Welcome to the virtual incarnation of my workshop where you can find out about the different aspects of my work - without disturbing me. My website http://www.basscare.se/ is being kept as simple as possible. Here is where you'll find the stuff I chat to my customers about, or stuff that I would chat to my customers about if there was more time and I was more chatty. Feel free to browse around and if you'd like to get updates in your facebook newsfeed click on 'like' at my facebook page: Elinore Morris - instrument maker www.facebook.com/Basscare. The colours of this blog attempt to match the colours of the inside of the workshop, which has been renovated with historically accurate linseed oil based paint, and you can see a snippet of the newly sanded wooden floor.

Monday, 9 May 2016

Removable Double Bass Neck

Travel bass conversion

Bass players who frequently travel long distances face many challenges. If you are lucky, you'll have an experienced orchestra management behind you to take care of the logistics; you arrive at rehearsal and your own bass is waiting for you requiring nothing more than a little extra tuning. Travelling independently to gigs is a whole other story. Can you afford that extra seat? Or should you use a hard flight case? Sure this will keep the bass safe but then there's organising special transport to and from the airport. Hiring or borrowing an instrument is another option but what a lottery that can be. 

For many players the best compromise is a collapsible travel bass that can go in the hold as a normal piece of luggage. There are a number of these available and some very clever designs. Which alternative works best for the player is a very individual thing. However, sometimes you have a bass that may not be especially valuable, but it works really well for you, it's easily playable, has a good and reliable sound and you just like playing it much more than any of the folding basses that you've tried. Converting such a bass into a travel instrument may then be an option worth looking into.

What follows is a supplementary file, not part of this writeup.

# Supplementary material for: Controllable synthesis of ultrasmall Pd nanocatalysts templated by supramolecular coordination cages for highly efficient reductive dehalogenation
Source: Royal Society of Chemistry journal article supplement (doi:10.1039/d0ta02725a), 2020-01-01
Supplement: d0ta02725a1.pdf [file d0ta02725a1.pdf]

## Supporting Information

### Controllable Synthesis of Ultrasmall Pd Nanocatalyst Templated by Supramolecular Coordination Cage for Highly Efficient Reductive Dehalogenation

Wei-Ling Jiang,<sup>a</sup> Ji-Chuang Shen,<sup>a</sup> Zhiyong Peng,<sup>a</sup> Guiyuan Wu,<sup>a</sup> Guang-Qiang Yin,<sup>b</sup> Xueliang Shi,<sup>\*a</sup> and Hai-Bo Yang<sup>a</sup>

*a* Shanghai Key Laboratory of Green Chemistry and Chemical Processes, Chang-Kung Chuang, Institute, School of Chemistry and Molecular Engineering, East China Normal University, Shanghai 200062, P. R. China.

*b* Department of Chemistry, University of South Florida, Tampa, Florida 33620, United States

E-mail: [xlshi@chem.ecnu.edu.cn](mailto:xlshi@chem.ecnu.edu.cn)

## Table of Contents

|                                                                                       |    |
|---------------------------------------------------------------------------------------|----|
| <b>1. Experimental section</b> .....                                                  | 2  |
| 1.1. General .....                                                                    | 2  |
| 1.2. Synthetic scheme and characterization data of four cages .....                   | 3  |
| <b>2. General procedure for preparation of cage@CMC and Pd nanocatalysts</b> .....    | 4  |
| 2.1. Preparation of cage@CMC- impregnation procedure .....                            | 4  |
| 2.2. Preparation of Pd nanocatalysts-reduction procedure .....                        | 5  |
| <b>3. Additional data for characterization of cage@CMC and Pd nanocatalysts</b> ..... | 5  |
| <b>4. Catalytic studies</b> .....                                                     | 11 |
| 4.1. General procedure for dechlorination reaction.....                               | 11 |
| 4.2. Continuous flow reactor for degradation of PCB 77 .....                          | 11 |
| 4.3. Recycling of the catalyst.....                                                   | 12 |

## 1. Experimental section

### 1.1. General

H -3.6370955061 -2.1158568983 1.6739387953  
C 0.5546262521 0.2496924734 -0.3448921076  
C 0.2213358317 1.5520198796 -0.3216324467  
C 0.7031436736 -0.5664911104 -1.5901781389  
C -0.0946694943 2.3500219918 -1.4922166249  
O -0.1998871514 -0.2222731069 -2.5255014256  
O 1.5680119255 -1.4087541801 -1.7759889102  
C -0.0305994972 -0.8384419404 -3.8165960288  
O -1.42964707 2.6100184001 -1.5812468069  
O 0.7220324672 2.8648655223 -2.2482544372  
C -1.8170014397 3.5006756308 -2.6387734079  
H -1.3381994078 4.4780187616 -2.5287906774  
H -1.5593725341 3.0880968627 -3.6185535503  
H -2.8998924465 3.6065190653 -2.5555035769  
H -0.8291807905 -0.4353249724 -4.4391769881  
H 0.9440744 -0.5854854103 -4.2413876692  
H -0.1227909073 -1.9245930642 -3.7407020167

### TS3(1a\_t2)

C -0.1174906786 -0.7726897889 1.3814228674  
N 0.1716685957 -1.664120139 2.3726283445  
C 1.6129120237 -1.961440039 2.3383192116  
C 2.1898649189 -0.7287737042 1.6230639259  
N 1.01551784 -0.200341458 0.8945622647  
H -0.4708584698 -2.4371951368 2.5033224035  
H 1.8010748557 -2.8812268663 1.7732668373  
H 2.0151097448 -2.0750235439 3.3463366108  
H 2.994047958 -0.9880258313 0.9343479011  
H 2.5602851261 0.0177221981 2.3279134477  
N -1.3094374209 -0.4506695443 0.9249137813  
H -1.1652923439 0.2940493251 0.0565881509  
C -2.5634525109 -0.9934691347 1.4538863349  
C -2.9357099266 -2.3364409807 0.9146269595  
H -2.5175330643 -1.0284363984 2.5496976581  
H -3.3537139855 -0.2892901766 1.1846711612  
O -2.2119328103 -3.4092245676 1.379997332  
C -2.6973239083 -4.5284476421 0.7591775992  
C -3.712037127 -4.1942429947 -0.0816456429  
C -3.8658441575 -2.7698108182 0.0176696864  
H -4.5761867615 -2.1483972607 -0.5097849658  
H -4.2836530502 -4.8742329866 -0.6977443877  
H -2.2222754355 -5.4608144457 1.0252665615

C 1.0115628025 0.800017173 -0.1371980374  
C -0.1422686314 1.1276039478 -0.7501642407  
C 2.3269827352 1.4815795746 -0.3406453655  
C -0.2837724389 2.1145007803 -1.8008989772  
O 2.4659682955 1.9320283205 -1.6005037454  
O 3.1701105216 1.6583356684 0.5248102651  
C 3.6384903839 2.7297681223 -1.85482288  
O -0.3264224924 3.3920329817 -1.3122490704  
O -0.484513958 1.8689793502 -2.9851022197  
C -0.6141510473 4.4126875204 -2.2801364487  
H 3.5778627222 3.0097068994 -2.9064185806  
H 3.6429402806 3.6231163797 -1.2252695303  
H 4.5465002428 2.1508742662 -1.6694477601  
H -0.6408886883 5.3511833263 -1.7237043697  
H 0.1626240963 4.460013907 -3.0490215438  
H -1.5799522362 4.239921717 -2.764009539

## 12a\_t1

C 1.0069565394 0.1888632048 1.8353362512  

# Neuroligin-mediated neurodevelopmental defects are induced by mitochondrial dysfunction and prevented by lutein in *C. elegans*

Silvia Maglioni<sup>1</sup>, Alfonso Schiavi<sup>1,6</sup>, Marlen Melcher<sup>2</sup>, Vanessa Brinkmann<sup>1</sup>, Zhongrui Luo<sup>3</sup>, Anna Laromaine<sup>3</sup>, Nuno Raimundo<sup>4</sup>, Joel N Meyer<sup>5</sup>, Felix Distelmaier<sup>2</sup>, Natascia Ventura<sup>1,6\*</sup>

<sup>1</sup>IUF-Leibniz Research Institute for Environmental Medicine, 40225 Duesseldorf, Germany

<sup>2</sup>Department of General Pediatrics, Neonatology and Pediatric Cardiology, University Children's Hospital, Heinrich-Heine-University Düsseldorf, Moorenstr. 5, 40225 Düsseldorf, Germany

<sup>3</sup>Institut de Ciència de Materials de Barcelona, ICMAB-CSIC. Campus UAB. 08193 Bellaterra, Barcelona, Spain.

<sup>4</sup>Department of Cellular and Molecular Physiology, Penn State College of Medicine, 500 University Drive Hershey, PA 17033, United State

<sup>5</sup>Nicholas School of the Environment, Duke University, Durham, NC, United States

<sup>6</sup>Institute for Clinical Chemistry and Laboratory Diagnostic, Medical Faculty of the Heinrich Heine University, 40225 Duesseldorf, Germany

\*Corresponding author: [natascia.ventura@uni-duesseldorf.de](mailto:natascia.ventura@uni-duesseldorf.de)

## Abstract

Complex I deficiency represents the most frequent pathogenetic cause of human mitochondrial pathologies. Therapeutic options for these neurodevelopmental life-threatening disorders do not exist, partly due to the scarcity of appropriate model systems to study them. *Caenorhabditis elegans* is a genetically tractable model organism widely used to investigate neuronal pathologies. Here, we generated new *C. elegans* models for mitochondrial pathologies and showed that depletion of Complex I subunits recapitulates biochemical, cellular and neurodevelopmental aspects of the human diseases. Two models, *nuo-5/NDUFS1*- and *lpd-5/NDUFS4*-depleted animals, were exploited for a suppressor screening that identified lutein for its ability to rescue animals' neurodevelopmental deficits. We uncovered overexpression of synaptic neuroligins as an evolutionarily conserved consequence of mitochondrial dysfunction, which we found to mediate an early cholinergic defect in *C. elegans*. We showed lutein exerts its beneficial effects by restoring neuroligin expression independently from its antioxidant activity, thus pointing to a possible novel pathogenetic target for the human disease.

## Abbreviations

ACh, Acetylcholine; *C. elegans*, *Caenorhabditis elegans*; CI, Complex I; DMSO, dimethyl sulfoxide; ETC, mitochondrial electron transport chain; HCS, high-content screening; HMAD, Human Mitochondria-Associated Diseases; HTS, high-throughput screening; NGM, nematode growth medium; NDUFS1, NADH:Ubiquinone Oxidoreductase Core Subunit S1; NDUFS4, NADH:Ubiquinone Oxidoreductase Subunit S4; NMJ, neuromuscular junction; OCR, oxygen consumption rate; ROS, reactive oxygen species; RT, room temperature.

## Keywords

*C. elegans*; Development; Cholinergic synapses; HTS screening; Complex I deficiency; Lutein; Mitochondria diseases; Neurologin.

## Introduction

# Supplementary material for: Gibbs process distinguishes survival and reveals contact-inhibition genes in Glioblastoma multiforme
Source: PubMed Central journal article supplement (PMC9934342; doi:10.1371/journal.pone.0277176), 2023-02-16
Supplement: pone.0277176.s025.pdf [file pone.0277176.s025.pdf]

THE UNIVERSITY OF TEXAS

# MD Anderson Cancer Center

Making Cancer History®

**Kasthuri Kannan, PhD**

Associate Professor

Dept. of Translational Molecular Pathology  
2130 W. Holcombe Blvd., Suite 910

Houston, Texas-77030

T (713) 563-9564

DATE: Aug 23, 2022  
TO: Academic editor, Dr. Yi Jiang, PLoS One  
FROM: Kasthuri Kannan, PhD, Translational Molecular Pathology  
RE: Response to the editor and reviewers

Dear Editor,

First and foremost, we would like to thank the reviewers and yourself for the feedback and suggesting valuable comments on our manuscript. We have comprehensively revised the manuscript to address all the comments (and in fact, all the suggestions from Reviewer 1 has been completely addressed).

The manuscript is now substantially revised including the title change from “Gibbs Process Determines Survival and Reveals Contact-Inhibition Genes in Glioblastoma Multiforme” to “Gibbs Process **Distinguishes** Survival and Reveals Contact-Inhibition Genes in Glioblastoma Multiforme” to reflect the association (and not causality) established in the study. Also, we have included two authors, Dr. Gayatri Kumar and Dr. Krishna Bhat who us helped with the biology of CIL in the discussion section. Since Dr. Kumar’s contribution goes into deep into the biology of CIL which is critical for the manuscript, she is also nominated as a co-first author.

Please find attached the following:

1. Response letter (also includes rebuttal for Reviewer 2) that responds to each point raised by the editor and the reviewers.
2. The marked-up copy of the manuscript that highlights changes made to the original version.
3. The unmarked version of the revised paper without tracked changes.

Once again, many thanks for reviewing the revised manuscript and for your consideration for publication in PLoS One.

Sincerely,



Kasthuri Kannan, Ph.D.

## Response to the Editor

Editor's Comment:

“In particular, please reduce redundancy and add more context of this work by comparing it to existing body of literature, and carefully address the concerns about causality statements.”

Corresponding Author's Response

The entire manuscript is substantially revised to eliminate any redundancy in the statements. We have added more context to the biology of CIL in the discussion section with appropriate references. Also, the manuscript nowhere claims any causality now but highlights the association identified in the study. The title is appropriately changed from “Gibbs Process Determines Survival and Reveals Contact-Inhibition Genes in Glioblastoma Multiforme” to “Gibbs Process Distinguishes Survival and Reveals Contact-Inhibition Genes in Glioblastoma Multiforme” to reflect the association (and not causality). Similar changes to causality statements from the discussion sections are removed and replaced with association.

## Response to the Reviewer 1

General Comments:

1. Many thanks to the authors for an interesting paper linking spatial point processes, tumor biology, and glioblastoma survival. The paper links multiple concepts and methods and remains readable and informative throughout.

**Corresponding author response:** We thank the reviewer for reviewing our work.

I recently did such an operation. Neck repairs, especially when the the foot of the neck has cracked always present a challenge. The amount of pressure from the strings is enormous. When I need to replace a neck I will saw it off and then chip out the wood from the joint rather than risk damage when forcing it out. In this case I first removed the fingerboard and then sawed the neck at an acute angle near the button and then along the bottom, where the neck meets the body. Two problems arise from this. Firstly some wood is always lost when sawing so that needs to be replaced. Secondly the now much thinner neck foot is vulnerable to cracking along the vertical grain lines. The way I rectified this was to line the foot with ebony which solved both these issues but also presented the possibility of creating a mortise joint which would ensure accurate placement  of the neck.

Making a snugly fitting joint here worked fine, but it made actually removing and replacing the neck tricky. So a compromise had to be made. I wanted the joint to glide in and out easily but then also to be very firm once in place. My aim was for the neck to feel as solid as it was before the operation only because of the strength and accuracy of the joint and not by relying on pressure from the strings. This so that the instrument can be moved around and worked on without strings as easily as an instrument with a solid neck. I eased the tightness of the mortise joint and lubricated the surfaces with graphite (pencil lead). This now meant that while the neck moved nice and easily, once it was in place there was a slight side to side movement in the joint. I was able to eliminate this by fitting a piece of ebony snugly underneath the bottom of the neck.

Finally a single bolt holds the neck in place.